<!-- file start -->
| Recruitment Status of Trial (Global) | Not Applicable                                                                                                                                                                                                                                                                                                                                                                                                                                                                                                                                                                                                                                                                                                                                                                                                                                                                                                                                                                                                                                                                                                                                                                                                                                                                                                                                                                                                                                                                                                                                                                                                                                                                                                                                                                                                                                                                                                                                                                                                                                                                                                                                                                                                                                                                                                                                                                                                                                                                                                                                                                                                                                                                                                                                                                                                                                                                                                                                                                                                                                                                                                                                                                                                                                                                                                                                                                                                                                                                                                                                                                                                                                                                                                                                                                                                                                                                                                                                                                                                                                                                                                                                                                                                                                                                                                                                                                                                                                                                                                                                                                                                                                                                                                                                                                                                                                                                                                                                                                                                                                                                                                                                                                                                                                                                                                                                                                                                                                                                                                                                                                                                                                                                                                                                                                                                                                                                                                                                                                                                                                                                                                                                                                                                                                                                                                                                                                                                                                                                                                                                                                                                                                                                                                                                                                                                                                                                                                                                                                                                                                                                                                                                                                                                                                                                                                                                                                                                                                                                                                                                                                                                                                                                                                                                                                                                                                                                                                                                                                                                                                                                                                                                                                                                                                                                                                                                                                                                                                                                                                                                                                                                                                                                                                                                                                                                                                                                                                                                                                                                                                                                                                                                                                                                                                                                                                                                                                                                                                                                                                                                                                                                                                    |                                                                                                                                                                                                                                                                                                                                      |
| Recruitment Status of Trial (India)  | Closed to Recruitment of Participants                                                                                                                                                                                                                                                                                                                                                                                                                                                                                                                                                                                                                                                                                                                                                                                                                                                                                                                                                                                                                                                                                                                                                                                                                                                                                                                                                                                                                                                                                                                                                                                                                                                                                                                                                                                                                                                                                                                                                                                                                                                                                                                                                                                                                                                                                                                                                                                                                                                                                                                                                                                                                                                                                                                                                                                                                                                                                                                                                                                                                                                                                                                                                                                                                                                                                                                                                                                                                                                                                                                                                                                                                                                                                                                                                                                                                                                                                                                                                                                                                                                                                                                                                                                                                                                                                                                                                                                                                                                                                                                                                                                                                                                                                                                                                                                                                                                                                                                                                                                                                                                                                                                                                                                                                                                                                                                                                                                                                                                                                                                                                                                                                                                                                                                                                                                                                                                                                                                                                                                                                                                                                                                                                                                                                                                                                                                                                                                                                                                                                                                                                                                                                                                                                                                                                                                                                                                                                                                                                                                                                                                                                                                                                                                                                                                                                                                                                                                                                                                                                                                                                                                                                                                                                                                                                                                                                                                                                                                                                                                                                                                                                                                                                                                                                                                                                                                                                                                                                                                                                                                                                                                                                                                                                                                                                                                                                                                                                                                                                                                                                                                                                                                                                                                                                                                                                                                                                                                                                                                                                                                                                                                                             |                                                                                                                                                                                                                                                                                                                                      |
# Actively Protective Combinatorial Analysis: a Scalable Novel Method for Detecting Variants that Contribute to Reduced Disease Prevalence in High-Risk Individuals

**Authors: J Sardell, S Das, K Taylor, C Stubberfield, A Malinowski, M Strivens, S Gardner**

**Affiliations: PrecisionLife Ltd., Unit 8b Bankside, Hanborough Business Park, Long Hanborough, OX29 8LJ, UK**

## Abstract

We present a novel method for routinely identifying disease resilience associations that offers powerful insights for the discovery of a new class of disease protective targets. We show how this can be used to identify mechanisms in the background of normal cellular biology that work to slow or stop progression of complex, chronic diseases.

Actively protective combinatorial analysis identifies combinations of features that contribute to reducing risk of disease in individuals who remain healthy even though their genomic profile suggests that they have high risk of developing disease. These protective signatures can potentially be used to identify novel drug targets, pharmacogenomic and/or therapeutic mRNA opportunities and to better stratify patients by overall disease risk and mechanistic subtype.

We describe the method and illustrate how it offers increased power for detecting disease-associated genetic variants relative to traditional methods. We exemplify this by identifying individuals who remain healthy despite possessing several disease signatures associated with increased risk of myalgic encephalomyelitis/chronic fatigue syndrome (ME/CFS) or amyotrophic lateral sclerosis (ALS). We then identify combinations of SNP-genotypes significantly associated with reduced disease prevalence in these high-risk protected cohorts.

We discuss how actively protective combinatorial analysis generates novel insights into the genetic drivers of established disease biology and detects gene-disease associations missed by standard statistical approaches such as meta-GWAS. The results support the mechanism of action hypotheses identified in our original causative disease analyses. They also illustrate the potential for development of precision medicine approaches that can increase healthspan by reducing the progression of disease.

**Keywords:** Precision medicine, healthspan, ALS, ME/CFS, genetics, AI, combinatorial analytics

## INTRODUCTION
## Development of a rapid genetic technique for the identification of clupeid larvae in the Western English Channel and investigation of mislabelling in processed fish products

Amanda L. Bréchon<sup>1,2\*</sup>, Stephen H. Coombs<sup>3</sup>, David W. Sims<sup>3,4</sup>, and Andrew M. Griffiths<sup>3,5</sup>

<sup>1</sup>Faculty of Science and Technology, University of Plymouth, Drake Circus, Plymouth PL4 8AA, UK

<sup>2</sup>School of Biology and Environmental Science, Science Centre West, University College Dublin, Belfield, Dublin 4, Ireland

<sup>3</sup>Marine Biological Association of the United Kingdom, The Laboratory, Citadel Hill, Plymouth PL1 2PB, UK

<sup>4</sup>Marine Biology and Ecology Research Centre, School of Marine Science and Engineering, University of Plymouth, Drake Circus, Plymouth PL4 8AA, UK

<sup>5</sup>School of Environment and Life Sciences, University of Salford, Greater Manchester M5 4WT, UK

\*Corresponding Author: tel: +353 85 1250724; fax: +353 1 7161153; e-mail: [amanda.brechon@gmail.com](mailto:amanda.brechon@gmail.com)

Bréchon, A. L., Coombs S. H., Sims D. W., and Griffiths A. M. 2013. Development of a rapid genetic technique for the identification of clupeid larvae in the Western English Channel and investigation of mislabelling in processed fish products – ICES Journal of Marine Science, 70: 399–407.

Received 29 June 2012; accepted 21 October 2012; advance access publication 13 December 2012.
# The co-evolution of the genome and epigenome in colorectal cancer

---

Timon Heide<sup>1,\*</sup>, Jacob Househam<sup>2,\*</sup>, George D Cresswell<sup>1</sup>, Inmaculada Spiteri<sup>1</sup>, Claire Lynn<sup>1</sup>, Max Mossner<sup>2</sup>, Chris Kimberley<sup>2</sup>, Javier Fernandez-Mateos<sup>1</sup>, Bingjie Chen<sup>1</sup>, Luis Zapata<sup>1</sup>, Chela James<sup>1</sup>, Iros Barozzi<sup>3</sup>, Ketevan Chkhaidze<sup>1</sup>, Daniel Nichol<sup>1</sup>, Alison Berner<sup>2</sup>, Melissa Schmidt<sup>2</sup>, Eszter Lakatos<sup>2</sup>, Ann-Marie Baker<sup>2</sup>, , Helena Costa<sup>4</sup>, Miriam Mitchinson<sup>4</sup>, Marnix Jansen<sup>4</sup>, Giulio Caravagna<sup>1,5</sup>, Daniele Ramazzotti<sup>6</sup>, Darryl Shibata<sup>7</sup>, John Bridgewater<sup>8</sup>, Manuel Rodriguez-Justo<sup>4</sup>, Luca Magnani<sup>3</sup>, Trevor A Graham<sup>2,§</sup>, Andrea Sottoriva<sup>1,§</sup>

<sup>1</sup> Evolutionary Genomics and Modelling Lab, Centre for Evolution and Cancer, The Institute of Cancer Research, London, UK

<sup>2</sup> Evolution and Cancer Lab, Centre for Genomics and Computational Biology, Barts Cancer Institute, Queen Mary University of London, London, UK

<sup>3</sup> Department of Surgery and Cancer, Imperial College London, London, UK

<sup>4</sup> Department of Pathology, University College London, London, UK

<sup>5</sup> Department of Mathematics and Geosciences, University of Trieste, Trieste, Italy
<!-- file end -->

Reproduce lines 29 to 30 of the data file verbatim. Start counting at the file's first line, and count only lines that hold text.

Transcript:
<sup>4</sup> Department of Pathology, University College London, London, UK

<sup>5</sup> Department of Mathematics and Geosciences, University of Trieste, Trieste, Italy